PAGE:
by Father Mark Goldasich
Surprisingly, someone is calling Christians to actively participate in a revolution. And that someone is none other than Pope Francis himself!
It’s not a new call, but one that the pope has mentioned often since his election in 2013. And though he’s been powerfully leading this charge, is anyone following? Unlike revolutions based on violence and intimidation, though, this is a revolution of tenderness, modeled for us by the lives of Jesus and Mary.
Pope Francis elaborated on this theme in his first encyclical “The Joy of the Gospel” (“Evangelii Gaudium”) where he wrote: “The Son of God, by becoming flesh, summoned us to the revolution of tenderness” (88). Jesus must have seen this first in his mother, as the pope noted: “Whenever we look to Mary, we come to believe once again in the revolutionary nature of love and tenderness. In her, we see that humility and tenderness are not virtues of the weak, but of the strong who need not treat others poorly in order to feel important themselves” (288).
The life of Jesus was a testament to this. While others tended to shy away from or isolate people with leprosy, those possessed by demons or folks considered public sinners, Jesus embraced them with tenderness.
I’ve been thinking a lot about tenderness, especially after reading Tom Racunas’ column on the next page. He reminds us that May is Mental Health Awareness Month and gives practical suggestions on how to educate ourselves and make good use of this time.
The pandemic has wreaked havoc on everyone’s mental health to varying degrees. A first place to heal some of its negative effects is to do a self-inventory and handle ourselves with some tenderness.
We should start, of course, with prayer, Scripture and quiet reflection. Additionally, these simple and practical suggestions from Mental Health America can further bolster our spirits:
• Make a list of your successes in a journal.
• Send a thank-you note to someone.
• Spend some time with a pet.
• Get off the grid. Get yourself a break from your cellphone, social media and the news.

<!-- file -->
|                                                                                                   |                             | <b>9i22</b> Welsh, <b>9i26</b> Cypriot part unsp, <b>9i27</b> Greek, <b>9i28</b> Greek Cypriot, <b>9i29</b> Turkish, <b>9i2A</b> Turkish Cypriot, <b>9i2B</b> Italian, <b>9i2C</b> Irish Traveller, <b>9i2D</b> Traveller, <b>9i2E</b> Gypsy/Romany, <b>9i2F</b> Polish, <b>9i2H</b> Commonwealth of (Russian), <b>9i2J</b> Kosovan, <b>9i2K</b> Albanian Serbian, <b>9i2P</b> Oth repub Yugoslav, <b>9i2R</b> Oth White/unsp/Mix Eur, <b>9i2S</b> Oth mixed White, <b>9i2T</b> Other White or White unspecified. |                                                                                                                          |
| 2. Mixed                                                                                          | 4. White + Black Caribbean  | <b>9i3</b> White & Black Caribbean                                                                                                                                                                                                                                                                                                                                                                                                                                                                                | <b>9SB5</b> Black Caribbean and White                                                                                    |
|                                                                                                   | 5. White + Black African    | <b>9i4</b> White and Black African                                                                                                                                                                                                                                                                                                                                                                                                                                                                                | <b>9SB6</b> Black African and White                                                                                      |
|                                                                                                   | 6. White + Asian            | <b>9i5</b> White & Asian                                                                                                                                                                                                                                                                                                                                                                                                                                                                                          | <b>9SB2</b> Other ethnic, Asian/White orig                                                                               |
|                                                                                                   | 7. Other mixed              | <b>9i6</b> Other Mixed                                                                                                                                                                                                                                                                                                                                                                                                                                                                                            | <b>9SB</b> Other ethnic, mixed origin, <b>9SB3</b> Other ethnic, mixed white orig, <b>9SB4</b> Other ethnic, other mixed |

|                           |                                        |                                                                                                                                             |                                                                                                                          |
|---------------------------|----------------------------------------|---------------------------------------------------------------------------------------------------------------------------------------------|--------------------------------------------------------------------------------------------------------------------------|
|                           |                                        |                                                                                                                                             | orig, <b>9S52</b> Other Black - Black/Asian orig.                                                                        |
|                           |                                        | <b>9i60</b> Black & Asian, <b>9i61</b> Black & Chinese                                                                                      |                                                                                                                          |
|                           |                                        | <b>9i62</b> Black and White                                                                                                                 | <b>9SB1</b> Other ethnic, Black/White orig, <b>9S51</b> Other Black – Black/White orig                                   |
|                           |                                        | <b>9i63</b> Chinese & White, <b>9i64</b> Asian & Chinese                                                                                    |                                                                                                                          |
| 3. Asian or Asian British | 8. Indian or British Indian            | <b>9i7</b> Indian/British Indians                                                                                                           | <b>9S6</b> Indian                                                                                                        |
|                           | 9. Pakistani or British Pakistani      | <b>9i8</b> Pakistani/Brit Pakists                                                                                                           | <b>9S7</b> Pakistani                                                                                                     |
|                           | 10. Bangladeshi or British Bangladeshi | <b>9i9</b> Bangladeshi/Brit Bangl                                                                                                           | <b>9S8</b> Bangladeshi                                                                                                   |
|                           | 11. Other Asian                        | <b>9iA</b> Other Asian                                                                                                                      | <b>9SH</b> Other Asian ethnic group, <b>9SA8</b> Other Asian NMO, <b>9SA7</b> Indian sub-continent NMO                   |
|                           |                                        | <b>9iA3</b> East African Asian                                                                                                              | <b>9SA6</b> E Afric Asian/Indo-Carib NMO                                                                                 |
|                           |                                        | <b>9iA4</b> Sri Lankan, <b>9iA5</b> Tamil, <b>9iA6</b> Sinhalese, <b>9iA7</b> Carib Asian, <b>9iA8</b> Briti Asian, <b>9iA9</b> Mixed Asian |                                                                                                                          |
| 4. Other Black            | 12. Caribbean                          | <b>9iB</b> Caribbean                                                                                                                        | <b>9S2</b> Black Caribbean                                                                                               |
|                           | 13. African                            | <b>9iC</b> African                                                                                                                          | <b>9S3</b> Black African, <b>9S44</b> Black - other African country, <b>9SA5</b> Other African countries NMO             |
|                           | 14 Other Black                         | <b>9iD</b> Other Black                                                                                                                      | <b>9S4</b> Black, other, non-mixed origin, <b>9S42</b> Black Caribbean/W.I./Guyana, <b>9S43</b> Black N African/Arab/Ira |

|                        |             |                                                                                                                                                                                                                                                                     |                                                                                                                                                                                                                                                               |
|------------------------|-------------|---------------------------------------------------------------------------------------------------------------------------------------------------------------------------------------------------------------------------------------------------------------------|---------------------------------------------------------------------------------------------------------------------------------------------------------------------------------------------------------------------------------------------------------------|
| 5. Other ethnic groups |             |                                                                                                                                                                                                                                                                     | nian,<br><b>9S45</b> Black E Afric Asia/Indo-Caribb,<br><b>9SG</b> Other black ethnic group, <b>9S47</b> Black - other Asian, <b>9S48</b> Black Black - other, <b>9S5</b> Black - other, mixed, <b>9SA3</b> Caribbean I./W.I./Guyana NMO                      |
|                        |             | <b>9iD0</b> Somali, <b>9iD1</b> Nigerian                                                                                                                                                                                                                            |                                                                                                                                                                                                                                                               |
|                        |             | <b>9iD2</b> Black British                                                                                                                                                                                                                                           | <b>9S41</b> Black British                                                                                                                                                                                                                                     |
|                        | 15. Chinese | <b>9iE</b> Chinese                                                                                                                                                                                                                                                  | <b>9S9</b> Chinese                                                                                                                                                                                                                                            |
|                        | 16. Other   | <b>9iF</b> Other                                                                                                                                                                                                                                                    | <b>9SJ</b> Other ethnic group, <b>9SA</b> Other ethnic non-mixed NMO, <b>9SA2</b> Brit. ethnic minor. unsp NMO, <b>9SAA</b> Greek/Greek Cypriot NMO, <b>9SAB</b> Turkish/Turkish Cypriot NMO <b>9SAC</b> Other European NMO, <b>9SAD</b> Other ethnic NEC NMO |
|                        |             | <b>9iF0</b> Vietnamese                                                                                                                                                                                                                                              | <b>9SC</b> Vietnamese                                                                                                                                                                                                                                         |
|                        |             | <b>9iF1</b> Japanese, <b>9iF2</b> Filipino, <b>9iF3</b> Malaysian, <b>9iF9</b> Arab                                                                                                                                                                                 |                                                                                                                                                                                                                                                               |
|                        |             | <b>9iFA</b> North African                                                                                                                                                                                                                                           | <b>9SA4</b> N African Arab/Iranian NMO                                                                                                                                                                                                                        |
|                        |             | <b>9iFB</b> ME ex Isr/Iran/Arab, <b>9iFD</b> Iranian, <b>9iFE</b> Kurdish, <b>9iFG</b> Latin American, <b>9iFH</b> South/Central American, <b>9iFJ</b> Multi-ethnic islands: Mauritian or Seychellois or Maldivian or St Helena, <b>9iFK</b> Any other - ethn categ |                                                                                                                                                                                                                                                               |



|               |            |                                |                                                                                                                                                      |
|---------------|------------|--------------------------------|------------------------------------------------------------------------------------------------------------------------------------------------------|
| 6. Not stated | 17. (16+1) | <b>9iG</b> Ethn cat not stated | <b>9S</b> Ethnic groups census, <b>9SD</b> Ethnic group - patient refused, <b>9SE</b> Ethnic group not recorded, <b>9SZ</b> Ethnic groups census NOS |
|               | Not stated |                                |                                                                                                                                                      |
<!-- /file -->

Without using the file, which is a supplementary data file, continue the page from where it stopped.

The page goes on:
• Work your strengths; do something you’re good at.
• Take time to laugh.
• Yawn: Studies say it cools the brain and improves alertness.
Most importantly, though, we best practice self-care when we extend tenderness to others. This story shows how important that is:
A small boy was tucked into bed one evening while his parents held a party. After turning on the nightlight, the mom kissed her son and told him not to be afraid because Jesus was there with him. She then closed the door and rejoined the guests downstairs.
After 10 minutes or so, the mom was surprised to see her son peeking through the upstairs bannister. She scooped him up and put him back into bed. The little boy said that he got up because he was scared.
The mom replied, “Sweetheart, don’t you remember that I said you don’t need to be afraid because Jesus is here with you?”
“I know that Jesus is here,” said the little guy, “but right now, I want somebody around with skin on!”
Don’t we all? If there’s one lesson the pandemic has taught us, it’s this: As good as it was to be able to connect with others via phone, email or Zoom, it could never replace actually being in the presence of one another, with “skin on.”
That’s how tenderness is most effectively shown.
Let’s not leave Pope Francis out there on his own. It’s time for us to bear arms — not those that shoot bullets, but arms that extend in welcome to others; arms that soothe the hurting; arms that work for justice for the oppressed; and arms that lift others up in encouragement and hope.
Onward, Christian soldiers!
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